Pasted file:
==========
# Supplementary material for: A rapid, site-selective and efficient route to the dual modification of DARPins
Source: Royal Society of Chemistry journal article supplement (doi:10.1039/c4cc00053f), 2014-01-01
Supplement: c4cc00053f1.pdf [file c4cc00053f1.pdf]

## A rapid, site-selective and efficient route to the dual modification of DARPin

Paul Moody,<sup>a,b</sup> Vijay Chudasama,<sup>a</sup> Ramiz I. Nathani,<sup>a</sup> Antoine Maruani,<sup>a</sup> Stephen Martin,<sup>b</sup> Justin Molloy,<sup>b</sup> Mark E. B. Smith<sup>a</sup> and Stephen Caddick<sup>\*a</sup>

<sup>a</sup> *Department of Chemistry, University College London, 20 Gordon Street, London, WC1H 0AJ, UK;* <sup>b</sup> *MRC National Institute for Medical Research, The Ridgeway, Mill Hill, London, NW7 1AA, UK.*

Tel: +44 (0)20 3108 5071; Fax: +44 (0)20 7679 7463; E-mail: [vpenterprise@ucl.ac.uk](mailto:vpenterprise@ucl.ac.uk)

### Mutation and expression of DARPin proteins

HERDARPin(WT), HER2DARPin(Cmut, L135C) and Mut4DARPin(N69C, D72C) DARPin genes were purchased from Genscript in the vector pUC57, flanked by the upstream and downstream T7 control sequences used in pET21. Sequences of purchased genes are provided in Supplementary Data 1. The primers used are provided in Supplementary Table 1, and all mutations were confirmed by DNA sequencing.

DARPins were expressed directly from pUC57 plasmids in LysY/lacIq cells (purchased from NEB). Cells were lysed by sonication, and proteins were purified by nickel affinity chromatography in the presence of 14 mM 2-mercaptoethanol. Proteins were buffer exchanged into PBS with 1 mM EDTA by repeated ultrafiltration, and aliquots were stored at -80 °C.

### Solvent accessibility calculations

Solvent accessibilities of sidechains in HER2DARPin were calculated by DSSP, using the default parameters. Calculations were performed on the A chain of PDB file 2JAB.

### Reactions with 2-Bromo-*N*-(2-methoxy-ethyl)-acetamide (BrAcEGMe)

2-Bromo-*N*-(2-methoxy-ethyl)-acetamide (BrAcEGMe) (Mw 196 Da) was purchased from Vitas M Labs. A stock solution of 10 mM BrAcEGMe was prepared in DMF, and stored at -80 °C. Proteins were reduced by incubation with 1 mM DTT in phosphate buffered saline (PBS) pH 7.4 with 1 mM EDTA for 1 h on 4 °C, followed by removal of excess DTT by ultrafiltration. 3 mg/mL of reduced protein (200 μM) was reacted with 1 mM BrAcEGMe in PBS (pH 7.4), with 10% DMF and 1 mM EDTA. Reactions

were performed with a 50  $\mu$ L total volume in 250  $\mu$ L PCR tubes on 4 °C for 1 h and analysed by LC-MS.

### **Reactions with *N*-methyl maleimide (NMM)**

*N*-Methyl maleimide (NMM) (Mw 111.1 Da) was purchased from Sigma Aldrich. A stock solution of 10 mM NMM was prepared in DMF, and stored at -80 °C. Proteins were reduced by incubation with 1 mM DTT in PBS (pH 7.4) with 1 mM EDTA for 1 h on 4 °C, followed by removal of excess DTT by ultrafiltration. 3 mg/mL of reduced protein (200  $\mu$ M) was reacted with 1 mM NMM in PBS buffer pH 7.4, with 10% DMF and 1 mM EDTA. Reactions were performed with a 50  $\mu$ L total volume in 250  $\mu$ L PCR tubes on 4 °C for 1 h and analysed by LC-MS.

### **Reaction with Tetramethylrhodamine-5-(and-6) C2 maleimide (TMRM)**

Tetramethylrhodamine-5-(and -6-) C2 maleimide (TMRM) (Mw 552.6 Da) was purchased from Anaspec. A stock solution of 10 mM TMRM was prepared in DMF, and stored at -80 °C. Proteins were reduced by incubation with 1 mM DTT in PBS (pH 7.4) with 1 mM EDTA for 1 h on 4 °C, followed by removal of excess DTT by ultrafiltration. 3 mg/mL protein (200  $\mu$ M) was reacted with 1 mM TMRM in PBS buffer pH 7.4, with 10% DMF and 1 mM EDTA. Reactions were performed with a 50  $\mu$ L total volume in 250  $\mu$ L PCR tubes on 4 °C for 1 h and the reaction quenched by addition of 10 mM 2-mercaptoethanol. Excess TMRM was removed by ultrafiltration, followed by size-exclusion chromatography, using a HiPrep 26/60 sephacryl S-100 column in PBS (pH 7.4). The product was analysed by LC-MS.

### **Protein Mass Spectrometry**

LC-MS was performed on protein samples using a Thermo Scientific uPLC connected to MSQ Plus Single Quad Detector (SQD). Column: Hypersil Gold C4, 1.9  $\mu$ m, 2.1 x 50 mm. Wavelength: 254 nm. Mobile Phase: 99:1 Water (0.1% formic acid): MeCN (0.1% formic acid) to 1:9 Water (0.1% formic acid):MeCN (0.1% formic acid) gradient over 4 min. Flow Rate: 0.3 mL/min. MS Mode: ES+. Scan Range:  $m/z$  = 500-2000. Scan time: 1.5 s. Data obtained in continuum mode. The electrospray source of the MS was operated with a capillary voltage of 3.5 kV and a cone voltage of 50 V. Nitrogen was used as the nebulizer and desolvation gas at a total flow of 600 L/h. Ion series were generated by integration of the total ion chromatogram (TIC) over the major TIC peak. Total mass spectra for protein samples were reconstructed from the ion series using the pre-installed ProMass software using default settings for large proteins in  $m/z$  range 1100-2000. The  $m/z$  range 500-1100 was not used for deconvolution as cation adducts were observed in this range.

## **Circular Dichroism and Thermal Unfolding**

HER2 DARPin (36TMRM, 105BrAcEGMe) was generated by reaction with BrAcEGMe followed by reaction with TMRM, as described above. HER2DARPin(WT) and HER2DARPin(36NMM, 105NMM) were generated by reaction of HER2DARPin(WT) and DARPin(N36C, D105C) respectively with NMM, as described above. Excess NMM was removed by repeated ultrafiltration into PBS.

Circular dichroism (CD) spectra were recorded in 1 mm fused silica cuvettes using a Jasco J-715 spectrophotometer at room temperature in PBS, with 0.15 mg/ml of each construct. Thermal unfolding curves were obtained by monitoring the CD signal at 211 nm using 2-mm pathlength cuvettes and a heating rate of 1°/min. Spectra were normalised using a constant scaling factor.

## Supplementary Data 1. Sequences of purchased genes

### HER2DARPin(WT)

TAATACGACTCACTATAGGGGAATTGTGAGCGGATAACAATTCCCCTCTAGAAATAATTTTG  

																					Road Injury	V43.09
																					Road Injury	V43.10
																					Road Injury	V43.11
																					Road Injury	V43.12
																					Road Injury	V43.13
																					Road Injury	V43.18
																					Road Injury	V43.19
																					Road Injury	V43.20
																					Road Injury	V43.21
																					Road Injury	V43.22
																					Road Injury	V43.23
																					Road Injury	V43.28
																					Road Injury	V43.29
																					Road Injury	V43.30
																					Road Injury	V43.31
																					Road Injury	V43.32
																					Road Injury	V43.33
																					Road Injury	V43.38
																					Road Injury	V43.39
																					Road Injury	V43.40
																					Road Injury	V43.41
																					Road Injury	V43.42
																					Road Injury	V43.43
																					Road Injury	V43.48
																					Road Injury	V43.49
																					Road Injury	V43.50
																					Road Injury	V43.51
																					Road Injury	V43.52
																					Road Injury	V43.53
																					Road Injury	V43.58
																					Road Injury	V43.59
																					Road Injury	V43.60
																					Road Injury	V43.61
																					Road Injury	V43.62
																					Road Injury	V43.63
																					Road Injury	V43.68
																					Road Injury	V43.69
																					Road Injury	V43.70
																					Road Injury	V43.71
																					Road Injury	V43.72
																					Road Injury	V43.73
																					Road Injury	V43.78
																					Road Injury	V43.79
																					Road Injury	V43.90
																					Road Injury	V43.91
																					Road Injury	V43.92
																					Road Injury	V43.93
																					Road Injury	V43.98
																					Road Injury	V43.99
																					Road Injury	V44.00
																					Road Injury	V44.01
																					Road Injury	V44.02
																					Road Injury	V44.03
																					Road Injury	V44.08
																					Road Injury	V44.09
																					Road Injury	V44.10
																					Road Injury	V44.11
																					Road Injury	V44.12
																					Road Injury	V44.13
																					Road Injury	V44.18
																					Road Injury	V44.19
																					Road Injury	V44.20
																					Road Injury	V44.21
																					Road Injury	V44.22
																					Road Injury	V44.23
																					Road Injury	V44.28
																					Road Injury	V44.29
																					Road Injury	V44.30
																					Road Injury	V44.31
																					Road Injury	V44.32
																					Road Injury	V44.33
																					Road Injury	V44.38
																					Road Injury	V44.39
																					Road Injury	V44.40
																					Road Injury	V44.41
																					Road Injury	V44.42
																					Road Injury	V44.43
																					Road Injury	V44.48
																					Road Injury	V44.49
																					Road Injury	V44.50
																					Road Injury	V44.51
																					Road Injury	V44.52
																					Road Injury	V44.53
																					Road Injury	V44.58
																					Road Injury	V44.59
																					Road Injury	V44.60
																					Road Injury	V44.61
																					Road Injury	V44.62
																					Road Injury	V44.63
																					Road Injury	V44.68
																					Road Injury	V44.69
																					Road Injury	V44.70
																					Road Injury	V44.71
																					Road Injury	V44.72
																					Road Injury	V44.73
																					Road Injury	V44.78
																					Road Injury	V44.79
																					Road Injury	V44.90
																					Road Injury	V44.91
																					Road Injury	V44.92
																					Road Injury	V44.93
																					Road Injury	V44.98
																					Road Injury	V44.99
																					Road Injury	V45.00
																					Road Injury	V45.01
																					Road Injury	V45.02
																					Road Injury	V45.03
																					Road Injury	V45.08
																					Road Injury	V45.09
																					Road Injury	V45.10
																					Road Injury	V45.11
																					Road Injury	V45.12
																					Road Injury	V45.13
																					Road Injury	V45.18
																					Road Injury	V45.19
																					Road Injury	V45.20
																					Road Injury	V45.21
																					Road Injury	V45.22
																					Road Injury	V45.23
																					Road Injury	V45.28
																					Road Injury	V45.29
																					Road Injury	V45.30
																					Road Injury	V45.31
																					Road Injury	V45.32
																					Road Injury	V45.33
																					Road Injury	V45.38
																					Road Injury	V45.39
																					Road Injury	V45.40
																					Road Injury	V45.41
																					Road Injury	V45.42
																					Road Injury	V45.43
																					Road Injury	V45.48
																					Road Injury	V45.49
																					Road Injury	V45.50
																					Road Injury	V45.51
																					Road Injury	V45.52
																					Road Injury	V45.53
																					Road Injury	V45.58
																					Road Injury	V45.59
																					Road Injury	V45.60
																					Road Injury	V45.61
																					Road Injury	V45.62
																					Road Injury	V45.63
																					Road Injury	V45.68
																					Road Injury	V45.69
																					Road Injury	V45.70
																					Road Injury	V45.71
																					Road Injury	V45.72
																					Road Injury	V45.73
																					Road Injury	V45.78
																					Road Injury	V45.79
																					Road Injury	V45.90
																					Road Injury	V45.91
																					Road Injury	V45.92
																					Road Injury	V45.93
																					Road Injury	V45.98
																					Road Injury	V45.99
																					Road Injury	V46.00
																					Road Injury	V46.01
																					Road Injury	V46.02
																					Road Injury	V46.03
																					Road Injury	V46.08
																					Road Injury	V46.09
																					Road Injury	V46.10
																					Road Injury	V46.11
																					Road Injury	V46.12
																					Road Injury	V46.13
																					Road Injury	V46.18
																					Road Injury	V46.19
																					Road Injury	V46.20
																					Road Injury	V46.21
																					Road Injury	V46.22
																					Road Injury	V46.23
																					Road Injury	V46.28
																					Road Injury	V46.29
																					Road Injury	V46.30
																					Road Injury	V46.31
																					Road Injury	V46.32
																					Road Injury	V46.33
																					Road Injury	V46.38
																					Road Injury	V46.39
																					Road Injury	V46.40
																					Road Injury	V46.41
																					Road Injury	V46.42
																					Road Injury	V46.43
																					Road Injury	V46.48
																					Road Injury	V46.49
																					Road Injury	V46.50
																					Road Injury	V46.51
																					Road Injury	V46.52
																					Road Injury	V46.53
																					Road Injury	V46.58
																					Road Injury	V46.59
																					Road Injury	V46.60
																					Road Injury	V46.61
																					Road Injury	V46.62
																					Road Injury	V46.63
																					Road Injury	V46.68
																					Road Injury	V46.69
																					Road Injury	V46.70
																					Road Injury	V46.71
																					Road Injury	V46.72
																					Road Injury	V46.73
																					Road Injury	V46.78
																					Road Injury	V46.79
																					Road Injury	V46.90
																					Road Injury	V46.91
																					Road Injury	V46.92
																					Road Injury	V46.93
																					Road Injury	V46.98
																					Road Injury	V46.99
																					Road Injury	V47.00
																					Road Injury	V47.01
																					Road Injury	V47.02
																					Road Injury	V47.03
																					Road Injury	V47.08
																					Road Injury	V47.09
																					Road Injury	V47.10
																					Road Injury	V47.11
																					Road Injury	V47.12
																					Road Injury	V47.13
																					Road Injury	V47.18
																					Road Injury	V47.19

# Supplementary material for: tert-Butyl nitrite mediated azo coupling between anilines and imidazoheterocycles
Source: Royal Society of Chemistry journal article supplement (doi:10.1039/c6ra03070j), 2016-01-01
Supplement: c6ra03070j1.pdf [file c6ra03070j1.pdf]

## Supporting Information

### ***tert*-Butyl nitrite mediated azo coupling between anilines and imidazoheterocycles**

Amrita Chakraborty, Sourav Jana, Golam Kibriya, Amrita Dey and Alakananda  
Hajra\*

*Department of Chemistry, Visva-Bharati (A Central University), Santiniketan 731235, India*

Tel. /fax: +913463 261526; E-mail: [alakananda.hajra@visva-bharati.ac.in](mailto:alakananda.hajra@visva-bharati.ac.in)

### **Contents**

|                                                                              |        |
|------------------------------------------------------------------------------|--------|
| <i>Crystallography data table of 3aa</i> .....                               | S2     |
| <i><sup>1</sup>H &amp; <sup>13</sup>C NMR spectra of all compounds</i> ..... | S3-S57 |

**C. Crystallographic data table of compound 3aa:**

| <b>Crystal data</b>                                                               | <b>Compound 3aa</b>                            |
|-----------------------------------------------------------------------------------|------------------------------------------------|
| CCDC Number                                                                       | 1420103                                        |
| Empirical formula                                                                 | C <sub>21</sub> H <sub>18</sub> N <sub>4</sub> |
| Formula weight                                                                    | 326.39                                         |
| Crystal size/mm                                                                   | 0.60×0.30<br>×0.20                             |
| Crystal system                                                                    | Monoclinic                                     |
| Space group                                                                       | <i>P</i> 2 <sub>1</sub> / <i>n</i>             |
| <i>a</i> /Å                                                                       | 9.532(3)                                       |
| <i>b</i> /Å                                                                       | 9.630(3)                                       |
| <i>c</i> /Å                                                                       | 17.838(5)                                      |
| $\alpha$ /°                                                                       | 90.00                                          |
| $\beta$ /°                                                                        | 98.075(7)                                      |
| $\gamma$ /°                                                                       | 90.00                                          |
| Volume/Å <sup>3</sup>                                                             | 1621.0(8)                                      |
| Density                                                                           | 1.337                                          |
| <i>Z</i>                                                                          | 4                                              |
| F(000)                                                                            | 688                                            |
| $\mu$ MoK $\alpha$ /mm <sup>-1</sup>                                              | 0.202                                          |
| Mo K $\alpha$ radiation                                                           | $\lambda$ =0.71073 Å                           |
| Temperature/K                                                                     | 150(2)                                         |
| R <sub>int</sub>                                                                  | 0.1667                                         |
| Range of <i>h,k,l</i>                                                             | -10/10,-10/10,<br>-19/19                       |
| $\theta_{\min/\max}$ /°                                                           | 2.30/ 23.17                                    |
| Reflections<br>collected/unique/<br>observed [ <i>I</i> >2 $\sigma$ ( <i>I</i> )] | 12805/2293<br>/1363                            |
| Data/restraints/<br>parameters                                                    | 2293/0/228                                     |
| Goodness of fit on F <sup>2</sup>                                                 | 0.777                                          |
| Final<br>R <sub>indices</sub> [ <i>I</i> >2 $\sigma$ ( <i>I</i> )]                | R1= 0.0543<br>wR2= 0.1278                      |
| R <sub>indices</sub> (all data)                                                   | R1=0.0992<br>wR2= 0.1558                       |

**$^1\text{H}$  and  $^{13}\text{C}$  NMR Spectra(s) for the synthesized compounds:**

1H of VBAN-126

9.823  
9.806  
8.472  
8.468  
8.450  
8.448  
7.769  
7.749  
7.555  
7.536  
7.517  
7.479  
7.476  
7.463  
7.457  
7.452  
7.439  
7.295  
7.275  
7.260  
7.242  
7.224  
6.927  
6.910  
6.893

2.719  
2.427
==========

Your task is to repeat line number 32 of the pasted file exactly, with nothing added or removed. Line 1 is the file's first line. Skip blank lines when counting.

																					Road Injury	V43.13